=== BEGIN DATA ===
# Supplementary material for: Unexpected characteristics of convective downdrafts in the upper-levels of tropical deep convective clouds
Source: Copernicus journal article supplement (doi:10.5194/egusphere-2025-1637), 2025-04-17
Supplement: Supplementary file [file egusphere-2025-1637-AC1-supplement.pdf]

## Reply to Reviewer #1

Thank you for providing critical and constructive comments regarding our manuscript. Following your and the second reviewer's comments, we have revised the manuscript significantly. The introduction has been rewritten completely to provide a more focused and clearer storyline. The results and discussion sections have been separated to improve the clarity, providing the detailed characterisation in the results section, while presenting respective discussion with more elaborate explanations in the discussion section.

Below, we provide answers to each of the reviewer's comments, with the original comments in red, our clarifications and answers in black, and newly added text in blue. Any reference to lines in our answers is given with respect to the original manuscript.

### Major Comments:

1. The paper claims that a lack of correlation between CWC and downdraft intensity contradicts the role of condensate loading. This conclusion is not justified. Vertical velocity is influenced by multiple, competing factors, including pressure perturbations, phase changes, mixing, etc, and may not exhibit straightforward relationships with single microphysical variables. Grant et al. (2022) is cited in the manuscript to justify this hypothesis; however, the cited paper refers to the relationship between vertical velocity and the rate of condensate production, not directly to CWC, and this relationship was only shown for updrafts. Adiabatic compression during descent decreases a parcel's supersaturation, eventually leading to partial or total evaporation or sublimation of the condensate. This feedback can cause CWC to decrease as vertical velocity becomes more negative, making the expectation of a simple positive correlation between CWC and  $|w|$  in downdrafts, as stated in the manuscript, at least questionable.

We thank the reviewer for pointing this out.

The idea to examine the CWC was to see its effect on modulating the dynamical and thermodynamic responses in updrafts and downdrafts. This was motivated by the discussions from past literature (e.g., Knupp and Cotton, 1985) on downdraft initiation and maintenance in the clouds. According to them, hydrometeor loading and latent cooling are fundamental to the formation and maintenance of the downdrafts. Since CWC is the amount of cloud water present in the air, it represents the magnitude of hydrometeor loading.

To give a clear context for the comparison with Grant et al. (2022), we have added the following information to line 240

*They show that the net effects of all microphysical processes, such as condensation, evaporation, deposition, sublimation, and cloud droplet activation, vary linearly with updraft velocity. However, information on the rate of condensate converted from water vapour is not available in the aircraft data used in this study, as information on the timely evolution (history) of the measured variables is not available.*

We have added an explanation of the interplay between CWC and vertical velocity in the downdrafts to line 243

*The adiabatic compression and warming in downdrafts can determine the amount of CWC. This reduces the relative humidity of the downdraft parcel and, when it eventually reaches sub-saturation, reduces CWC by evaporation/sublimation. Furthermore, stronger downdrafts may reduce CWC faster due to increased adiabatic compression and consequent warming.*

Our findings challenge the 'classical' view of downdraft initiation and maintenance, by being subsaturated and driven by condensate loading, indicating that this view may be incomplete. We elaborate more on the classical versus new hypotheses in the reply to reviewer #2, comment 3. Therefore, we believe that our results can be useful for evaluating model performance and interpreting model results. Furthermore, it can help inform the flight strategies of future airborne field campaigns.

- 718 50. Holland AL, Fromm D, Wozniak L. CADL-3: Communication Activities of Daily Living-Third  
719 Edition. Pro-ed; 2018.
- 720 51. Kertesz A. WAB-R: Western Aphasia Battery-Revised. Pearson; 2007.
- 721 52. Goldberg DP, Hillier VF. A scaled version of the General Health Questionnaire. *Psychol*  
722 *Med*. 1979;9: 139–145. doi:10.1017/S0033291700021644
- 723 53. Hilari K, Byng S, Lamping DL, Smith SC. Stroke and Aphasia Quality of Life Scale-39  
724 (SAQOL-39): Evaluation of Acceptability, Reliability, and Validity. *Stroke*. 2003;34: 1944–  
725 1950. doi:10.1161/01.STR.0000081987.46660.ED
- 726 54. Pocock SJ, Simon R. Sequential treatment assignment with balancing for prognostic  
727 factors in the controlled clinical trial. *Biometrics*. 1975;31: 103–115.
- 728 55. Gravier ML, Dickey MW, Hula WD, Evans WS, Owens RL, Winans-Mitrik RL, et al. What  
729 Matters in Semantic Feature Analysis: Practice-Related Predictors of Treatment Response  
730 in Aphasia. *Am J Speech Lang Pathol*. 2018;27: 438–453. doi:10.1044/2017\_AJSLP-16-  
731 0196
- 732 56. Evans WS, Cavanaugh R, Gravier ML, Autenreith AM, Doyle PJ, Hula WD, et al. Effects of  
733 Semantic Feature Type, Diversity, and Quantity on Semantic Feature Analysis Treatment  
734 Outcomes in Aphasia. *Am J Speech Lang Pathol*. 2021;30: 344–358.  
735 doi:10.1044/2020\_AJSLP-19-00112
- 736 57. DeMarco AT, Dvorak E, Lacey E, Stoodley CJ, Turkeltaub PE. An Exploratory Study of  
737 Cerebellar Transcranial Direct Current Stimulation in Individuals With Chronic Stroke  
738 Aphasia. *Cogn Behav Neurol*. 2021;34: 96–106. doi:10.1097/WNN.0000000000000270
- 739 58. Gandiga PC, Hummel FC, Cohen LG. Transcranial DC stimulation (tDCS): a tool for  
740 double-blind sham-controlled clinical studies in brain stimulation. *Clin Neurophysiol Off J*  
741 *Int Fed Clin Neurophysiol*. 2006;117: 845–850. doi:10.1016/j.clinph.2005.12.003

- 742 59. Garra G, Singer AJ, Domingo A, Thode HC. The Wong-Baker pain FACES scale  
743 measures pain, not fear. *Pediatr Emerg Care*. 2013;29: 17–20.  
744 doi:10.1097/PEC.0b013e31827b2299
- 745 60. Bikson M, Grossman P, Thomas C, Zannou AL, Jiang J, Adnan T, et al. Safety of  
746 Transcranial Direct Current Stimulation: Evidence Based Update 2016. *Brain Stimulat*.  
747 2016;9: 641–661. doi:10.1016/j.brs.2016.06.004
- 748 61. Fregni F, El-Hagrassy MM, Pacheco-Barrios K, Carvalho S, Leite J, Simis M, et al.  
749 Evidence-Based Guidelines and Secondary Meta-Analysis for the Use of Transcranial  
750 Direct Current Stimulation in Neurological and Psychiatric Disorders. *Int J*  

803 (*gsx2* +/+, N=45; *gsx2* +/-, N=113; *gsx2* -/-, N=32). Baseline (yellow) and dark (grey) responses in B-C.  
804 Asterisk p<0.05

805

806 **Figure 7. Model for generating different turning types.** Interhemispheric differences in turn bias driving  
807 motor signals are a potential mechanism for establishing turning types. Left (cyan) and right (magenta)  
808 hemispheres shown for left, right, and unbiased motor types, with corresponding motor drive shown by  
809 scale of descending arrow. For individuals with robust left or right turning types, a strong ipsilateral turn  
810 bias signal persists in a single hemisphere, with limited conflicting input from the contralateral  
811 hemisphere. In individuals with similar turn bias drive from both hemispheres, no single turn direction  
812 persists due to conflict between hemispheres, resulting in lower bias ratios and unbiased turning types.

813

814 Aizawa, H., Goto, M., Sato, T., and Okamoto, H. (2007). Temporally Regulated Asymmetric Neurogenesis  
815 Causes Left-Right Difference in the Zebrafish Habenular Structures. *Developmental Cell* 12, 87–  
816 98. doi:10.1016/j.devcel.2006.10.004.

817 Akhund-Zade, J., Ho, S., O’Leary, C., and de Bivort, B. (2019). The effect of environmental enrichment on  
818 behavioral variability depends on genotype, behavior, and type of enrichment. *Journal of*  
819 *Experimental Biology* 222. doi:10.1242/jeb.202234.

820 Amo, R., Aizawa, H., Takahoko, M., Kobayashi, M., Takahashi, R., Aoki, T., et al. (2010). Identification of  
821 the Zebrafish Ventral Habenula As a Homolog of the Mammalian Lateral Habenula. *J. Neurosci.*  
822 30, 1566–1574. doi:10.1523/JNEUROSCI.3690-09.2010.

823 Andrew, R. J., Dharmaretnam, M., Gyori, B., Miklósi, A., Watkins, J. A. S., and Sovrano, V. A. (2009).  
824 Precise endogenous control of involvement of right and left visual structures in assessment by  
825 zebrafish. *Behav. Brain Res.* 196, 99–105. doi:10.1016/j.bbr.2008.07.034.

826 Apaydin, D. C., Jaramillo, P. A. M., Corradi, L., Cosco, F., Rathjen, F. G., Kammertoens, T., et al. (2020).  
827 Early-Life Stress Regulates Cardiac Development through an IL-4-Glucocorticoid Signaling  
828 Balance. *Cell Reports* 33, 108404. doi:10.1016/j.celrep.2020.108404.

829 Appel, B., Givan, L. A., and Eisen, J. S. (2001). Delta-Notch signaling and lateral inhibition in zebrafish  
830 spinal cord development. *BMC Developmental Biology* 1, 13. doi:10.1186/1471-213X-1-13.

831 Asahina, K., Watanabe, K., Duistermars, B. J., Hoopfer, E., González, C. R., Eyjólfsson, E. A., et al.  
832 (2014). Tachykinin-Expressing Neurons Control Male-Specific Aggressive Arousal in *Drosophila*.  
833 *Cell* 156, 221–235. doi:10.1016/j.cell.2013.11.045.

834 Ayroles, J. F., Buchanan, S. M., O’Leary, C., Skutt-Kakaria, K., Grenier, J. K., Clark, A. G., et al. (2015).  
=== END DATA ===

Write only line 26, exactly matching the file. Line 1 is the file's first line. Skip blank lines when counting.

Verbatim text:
- 728 55. Gravier ML, Dickey MW, Hula WD, Evans WS, Owens RL, Winans-Mitrik RL, et al. What  